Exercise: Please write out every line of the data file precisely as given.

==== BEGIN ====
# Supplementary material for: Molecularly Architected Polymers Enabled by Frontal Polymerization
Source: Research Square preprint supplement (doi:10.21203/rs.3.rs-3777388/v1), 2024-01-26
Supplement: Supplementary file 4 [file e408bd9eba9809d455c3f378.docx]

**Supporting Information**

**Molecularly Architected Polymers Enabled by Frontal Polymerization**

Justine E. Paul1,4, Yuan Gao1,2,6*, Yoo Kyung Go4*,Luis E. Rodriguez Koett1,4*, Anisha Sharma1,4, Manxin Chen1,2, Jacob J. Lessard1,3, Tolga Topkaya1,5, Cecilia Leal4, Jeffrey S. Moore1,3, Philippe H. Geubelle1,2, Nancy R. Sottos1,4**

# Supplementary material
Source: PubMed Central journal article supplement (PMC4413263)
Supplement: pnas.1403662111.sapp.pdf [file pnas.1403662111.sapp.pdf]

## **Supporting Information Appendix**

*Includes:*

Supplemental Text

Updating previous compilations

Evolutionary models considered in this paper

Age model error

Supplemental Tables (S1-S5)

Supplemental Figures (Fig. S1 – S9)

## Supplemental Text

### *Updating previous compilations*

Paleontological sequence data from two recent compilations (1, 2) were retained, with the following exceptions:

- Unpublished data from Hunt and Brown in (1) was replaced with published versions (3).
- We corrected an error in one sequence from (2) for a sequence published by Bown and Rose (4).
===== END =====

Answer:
# Supplementary material for: Molecularly Architected Polymers Enabled by Frontal Polymerization
Source: Research Square preprint supplement (doi:10.21203/rs.3.rs-3777388/v1), 2024-01-26
Supplement: Supplementary file 4 [file e408bd9eba9809d455c3f378.docx]

**Supporting Information**

**Molecularly Architected Polymers Enabled by Frontal Polymerization**

Justine E. Paul1,4, Yuan Gao1,2,6*, Yoo Kyung Go4*,Luis E. Rodriguez Koett1,4*, Anisha Sharma1,4, Manxin Chen1,2, Jacob J. Lessard1,3, Tolga Topkaya1,5, Cecilia Leal4, Jeffrey S. Moore1,3, Philippe H. Geubelle1,2, Nancy R. Sottos1,4**

# Supplementary material
Source: PubMed Central journal article supplement (PMC4413263)
Supplement: pnas.1403662111.sapp.pdf [file pnas.1403662111.sapp.pdf]

## **Supporting Information Appendix**

*Includes:*

Supplemental Text

Updating previous compilations

Evolutionary models considered in this paper

Age model error

Supplemental Tables (S1-S5)

Supplemental Figures (Fig. S1 – S9)

## Supplemental Text

### *Updating previous compilations*

Paleontological sequence data from two recent compilations (1, 2) were retained, with the following exceptions:

- Unpublished data from Hunt and Brown in (1) was replaced with published versions (3).
- We corrected an error in one sequence from (2) for a sequence published by Bown and Rose (4).